Anna dello Russo and Giovanna Battaglia.

Stylish Anna dello Russo and Giovanna Battaglia at the Paris Fashion Week, All Over Press

SILLY, DARLING TRENDS

The term ’trendy’ has almost become a taboo in the fashion world. Instead, ‘classic’ and ‘understated’ are the catchwords du jour. But sometimes a little frivolity is essential, explains Mattie Kahn.

I have been in the process of refining a uniformly understated aesthetic since grade school. Blame my grandmother. Citing her own wardrobe as evidence, she demonstrated the utility of sharp-shouldered blazers and crisp, white button-down shirts. She celebrated little black dresses and glittering diamond studs. Hers was an almost feminist conviction. She insisted that powerful women did not need to be told what to wear or how to dress. Their success depended not on trends, but rather on season-less confidence and poise. That and perhaps several coats of mascara. 

Even then, I understood it would be wise to follow her example. She was immaculate, gorgeous, and always knew which fork to use at dinner. I was a clueless ten-year-old who wore too much plaid. The path to well-adjusted adulthood seemed obvious. 

In fact, her instruction to invest in quality has served me well. It is the reason I can pack a carry-on suitcase. It is responsible for my owning skinny, subtle bangles and a leather jacket that wears as well this year as it did last. It also explains my refusal to settle for ill-fitting sweaters and lukewarm cappuccinos, and boys who never call. 

But it is not without its shortcomings. 

As it turns out, such thoughtful dressing is not for the impatient. It took me three years to find a pair of black ballet flats that would satisfy my exhaustive requirements and at least one to track down the right satin cocktail dress. Furthermore, a closet comprised of sophisticated trench coats and patent-leather pumps may forever endure, but only on the condition that its owner does not die of boredom first. 

Make no mistake: I do not regret my wardrobe. I treasure each leather accent and zipper detail. I am especially fond of the striped crewneck I snatched up in Paris last month and the suede booties I discovered much closer to home. In the process of acquiring such gems, I’ve managed to cultivate a style that stands ever so slightly apart from the masses. Most of the time, anyway.  

A few weeks ago, I wandered into a small boutique. Looking for nothing in particular, I slipped on a simple pendant necklace and thumbed through a heap of casual knitwear. I considered racks of clothing brimming with pieces that would have won an encouraging nod of approval from my grandmother: skinny tuxedo pants, cashmere pullovers, thigh-skimming sweater dresses.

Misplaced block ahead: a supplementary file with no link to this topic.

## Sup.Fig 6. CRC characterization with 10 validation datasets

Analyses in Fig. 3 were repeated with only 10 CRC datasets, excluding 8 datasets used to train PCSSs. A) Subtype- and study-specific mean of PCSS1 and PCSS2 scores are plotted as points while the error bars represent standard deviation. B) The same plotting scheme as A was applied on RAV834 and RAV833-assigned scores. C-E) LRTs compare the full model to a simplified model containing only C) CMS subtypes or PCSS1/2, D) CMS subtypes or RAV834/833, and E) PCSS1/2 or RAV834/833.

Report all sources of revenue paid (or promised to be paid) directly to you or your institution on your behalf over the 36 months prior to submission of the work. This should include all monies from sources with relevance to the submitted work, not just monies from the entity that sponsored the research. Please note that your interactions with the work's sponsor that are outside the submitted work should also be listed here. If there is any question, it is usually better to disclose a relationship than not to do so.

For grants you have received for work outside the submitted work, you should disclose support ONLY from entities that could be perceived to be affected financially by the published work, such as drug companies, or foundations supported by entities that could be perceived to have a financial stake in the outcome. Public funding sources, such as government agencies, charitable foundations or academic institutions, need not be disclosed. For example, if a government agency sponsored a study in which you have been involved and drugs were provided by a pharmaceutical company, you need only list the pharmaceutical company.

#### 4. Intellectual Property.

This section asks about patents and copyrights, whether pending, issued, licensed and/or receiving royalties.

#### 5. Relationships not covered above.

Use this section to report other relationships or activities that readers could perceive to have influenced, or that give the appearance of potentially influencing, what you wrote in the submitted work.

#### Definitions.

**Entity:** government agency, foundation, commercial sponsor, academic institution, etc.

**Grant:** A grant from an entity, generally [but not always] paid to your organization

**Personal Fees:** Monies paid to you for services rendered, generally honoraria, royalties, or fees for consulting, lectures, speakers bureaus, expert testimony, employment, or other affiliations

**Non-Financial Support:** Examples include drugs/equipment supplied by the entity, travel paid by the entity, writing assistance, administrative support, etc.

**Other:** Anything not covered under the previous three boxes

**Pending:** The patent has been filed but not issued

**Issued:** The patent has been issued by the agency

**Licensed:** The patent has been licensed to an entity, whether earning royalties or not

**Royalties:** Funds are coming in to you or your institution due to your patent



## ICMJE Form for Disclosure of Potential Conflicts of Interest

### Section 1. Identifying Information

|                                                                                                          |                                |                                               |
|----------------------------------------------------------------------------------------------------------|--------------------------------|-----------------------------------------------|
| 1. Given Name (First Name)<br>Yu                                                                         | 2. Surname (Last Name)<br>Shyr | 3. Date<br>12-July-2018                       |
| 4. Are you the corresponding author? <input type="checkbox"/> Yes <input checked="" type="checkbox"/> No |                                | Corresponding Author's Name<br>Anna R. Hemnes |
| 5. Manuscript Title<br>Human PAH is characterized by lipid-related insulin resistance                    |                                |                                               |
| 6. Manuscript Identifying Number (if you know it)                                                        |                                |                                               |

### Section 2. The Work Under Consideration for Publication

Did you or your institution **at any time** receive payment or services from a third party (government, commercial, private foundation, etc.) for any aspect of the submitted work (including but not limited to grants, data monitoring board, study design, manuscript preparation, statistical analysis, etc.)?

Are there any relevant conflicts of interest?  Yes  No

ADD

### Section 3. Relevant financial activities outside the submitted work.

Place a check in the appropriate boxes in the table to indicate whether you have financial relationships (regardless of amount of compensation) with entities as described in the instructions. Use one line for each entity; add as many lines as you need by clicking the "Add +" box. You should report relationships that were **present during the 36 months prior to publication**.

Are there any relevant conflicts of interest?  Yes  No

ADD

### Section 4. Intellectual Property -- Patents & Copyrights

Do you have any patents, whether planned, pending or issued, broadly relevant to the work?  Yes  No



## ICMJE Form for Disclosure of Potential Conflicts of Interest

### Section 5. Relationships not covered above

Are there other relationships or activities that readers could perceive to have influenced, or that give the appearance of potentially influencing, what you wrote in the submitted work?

Then I spotted one that almost certainly would not have. 

It was an orange leather baseball cap. I’d seen versions of it before. Similar styles had populated the Sartorialist and flooded my Instagram feed. Ones like it have graced the heads of starlets, models and Cara Delevingne. It was bright and entrancing, but it could in no way be termed “timeless.” After its fifteen minutes of fame expired, it was destined to be forgotten in the backs of taxicabs and abandoned at thrift shops nationwide. Some newer fashion would surely seize its spotlight, and good riddance. If hats were boys, this was the kind that you did not take home to meet your parents. It made no effort to blend in or play nice. Instead, it was loud and opinionated. It was so impractical.

But it was strong, too — assertive and modern in the way that only the best craze can be. I imagine even my grandmother would have come to appreciate its charms eventually. She had a weakness for such unapologetic charisma. 

Since purchasing it, I’ve worn the hat a dozen times and I have yet to tire of it. As in life, so too in fashion, a little frivolity is sometimes essential. It may not be the most polished accessory or smartest accoutrement, but it does what clothes (and, yes, boys) are meant to: for now, it makes me stupidly happy.  

 

Mattie Kahn is a writer based in New York City. Her work has appeared on VanityFair.com, Refinery29, and the Man Repeller, among other platforms. She hopes this will be the year she cements a signature drink, resuscitates the semi-colon, and masters liquid eyeliner once and for all.

 

 

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